Although it's a bit rough to call them common - take a squiz at this map from Te Ara showing pukeko distribution across New Zealand - its hard to find a place where they're not kicking up a storm in a wet spot!
If you're lucky enough to see a takahē (the best place to see them in captivity is Mt Bruce in the Wairarapa) it's about three times the size, has a tealy-green back (instead of black), and shorter, heavier legs. Sadly, there was once another close cousin in the pūkeko family - the moho (or North Island takahē) which is now extinct and only known from skeletal remains.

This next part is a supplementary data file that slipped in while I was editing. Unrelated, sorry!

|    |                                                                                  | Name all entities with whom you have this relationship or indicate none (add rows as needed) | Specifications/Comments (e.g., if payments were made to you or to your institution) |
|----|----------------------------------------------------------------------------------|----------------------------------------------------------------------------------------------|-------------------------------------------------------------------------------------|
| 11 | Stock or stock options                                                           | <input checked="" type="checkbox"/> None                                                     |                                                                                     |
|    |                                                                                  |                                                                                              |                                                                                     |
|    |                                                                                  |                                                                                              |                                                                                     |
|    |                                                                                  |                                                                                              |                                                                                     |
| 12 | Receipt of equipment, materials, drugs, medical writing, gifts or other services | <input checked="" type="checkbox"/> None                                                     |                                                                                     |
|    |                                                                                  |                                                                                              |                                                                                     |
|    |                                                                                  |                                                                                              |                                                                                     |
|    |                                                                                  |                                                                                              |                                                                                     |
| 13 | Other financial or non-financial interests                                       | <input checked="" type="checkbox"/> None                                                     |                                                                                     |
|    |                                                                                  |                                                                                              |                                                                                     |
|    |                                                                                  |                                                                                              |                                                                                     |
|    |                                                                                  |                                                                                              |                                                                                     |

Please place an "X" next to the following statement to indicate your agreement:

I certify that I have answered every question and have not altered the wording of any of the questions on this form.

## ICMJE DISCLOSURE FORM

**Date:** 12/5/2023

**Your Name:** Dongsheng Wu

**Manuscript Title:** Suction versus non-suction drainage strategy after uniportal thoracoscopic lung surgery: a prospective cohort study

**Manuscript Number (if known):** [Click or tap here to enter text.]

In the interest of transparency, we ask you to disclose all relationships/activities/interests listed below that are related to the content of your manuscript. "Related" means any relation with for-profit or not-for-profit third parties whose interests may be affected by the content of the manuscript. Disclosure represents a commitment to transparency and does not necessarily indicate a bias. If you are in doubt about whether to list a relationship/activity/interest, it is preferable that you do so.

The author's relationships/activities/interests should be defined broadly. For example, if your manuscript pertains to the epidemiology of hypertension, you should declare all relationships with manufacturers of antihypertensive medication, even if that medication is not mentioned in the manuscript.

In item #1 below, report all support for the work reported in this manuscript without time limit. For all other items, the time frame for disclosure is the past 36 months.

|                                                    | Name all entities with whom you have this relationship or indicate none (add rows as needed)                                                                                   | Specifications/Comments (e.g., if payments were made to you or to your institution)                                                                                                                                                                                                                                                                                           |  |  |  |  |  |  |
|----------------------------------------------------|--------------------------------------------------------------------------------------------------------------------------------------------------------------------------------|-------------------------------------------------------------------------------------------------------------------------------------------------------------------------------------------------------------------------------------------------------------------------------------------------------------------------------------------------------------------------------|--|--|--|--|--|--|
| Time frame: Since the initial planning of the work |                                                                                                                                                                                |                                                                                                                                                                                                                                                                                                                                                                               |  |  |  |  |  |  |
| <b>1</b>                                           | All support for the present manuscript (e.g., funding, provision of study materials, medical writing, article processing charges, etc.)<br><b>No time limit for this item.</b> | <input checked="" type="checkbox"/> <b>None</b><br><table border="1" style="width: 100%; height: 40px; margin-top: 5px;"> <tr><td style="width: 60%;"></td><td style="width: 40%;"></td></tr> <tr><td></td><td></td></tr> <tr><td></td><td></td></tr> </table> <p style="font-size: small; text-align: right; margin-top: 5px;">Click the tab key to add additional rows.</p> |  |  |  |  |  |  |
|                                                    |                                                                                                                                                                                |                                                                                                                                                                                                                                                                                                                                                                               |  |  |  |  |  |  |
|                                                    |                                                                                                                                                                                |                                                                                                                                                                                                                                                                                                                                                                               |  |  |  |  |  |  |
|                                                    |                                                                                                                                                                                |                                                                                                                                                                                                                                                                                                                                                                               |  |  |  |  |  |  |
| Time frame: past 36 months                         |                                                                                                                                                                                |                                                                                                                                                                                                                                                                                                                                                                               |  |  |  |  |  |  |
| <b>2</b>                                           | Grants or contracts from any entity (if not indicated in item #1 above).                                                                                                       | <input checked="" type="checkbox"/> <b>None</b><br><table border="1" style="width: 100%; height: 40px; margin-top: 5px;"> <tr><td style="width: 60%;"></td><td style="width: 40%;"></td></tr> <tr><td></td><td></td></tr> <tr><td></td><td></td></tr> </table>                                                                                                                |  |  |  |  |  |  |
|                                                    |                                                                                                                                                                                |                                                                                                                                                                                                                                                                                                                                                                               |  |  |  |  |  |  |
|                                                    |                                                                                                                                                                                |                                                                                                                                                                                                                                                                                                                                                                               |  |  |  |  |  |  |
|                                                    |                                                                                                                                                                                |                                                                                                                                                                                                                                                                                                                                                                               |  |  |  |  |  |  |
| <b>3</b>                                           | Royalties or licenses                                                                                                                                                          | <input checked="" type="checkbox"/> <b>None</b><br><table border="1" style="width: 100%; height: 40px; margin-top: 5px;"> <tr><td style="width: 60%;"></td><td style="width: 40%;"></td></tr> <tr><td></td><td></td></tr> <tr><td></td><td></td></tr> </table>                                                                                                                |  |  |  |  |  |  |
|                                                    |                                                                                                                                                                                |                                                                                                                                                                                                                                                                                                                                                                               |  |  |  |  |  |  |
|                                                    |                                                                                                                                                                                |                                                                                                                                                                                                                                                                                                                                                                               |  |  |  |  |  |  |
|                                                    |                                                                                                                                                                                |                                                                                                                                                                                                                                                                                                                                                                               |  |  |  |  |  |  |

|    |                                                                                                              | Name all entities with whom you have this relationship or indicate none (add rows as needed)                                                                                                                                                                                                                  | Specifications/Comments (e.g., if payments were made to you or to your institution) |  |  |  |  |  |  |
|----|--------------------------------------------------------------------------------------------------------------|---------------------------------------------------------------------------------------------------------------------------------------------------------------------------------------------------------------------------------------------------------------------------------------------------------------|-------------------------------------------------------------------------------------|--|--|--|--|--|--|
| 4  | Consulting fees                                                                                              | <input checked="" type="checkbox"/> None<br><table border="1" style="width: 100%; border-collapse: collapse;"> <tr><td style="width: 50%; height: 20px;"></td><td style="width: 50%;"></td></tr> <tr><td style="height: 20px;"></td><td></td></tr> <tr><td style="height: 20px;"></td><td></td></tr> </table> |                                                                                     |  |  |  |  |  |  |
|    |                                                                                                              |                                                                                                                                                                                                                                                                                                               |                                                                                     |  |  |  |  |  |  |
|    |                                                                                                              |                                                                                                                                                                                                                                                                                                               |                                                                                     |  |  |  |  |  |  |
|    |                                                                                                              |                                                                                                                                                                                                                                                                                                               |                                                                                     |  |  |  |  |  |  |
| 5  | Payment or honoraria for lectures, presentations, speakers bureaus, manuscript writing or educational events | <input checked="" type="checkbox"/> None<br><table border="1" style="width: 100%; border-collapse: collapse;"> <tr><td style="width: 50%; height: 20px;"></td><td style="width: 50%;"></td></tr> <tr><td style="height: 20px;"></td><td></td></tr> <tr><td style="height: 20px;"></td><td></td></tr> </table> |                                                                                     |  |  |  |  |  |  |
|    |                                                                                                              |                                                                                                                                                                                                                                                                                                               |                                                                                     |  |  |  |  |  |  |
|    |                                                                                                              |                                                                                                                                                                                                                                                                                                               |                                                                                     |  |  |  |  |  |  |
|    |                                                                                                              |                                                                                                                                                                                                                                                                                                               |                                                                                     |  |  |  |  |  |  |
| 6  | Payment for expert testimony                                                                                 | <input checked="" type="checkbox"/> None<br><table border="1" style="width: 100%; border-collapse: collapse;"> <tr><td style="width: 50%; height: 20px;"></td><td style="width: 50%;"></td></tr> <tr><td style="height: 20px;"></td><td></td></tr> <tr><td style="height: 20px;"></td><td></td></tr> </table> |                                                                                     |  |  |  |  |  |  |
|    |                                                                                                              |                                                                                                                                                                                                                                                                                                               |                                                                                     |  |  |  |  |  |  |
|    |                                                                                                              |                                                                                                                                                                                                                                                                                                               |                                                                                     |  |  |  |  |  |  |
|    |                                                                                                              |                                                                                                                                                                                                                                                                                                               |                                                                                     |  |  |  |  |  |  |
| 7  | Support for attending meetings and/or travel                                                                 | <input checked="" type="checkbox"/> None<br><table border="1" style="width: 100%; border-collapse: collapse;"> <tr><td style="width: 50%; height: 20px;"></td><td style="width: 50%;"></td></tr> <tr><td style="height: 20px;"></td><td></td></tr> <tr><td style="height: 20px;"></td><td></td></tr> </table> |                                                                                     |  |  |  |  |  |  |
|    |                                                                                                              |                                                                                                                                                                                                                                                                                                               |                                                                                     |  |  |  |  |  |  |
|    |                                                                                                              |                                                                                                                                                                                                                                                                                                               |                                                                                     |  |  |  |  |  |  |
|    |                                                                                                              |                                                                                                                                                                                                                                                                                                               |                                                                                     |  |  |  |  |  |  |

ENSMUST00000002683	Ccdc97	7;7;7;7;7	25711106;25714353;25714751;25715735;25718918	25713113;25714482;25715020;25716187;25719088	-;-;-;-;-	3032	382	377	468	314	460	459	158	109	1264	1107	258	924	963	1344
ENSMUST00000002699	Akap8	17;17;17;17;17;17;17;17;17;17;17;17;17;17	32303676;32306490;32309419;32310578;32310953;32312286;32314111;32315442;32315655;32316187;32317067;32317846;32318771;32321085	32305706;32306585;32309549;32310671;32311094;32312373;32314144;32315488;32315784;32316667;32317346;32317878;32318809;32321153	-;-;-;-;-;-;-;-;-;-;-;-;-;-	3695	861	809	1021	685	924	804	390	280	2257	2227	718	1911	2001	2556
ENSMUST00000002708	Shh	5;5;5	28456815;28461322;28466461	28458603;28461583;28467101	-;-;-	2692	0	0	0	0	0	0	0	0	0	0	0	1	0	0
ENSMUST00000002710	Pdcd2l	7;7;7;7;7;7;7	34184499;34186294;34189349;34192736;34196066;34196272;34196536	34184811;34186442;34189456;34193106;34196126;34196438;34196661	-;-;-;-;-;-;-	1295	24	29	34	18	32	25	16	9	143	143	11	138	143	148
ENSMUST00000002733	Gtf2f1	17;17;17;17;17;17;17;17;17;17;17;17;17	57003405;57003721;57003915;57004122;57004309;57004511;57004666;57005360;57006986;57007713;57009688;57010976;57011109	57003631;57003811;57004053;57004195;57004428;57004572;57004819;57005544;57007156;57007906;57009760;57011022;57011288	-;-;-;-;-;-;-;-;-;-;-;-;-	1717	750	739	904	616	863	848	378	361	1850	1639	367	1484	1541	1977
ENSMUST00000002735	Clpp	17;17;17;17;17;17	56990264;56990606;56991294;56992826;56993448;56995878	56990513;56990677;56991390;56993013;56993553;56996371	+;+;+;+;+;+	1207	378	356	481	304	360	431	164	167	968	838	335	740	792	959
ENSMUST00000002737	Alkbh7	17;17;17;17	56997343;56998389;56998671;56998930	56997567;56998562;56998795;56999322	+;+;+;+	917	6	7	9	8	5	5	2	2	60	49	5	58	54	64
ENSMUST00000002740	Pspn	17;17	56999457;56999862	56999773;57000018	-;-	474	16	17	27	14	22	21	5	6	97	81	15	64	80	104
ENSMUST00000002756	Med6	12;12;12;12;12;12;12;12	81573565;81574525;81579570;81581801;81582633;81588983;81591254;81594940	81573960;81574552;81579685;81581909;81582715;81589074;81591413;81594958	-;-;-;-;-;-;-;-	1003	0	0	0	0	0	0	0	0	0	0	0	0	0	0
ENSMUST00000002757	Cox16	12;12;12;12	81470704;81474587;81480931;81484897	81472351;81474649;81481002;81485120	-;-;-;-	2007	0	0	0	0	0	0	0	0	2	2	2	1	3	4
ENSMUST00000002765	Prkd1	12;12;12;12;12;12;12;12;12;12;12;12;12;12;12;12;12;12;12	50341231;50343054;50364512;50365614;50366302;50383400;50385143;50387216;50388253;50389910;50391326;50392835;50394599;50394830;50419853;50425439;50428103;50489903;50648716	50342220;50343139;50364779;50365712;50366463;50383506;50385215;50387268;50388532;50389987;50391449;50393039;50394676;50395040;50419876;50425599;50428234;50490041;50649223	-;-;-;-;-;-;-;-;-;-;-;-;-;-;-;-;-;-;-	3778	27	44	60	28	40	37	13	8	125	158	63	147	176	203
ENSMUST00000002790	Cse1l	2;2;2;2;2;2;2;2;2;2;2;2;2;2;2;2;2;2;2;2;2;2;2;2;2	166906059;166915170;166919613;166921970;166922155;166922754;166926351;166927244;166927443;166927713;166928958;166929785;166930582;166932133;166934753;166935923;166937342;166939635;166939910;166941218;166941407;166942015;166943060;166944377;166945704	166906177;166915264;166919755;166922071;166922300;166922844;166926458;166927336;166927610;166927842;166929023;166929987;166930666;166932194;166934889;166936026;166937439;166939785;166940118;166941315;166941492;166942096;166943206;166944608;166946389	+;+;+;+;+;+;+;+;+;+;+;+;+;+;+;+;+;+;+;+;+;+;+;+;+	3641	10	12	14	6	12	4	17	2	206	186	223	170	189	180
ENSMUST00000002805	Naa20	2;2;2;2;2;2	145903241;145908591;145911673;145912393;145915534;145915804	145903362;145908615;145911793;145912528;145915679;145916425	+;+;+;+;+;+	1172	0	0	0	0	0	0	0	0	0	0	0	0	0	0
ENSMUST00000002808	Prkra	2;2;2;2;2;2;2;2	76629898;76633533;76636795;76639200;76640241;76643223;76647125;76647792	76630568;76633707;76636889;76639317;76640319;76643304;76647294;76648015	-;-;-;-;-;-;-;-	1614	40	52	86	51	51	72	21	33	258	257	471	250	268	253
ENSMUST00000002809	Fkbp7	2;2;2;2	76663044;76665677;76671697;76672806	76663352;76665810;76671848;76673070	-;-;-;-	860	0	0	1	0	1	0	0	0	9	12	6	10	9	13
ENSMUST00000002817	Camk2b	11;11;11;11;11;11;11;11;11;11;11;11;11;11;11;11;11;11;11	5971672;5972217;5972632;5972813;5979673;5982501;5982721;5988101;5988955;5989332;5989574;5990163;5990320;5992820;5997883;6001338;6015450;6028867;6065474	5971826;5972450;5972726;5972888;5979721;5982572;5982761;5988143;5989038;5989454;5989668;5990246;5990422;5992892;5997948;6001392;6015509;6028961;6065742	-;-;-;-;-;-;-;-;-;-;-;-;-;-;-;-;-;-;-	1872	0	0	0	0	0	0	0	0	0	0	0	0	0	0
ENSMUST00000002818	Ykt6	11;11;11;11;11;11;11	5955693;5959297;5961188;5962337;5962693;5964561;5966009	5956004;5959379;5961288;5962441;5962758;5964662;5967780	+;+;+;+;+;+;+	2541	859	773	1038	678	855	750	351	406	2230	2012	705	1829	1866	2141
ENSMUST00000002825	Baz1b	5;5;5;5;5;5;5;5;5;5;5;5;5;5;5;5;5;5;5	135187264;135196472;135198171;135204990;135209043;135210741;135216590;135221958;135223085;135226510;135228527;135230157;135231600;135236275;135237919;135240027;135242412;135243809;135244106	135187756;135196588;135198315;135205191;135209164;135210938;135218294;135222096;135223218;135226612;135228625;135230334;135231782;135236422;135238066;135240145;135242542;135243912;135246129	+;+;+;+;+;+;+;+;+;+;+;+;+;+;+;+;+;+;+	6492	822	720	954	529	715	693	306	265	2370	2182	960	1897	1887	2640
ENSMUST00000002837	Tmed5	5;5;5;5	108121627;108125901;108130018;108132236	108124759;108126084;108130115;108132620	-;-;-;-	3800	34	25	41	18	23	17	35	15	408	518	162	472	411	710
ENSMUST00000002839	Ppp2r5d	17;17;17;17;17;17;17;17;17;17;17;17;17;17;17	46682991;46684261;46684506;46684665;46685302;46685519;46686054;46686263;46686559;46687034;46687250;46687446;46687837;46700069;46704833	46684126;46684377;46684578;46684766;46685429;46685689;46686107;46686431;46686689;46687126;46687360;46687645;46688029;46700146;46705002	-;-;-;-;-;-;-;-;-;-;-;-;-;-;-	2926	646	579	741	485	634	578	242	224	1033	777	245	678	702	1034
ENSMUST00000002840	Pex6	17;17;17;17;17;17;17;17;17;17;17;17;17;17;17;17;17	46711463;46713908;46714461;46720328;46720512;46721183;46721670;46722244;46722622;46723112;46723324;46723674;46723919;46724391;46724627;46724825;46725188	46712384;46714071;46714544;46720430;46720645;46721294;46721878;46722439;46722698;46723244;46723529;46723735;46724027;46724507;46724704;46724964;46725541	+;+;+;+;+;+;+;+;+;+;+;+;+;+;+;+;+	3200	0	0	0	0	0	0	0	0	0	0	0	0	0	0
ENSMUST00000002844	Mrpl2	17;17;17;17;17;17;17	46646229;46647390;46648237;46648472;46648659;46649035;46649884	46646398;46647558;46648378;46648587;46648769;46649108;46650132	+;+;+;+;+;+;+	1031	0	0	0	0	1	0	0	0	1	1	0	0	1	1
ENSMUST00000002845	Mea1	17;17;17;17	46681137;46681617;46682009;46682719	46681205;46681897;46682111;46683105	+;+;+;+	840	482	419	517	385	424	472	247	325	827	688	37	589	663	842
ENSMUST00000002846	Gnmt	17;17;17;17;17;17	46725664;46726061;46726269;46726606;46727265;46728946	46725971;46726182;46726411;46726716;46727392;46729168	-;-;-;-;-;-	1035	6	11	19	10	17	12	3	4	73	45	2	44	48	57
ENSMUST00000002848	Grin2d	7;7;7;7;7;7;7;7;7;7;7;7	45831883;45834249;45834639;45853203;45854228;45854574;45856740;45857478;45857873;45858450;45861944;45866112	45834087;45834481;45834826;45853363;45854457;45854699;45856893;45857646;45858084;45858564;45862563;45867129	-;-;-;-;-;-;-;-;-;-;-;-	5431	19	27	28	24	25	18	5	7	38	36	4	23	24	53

The pūkeko and takahē are believed to have descended from two quite separate invasions of the same ancestral bird: the Purple Swamphen from across the ditch (Australia). Pūkeko ancestors appeared to have arrived here about 1000 years ago, whereas those of the takahē are thought to have flown in more than 10 million years ago!
Although the takahē has kept its wings, over many generations evolving in the peaceful and predator-free ancient Aotearoa, it slowly lost its ability to fly.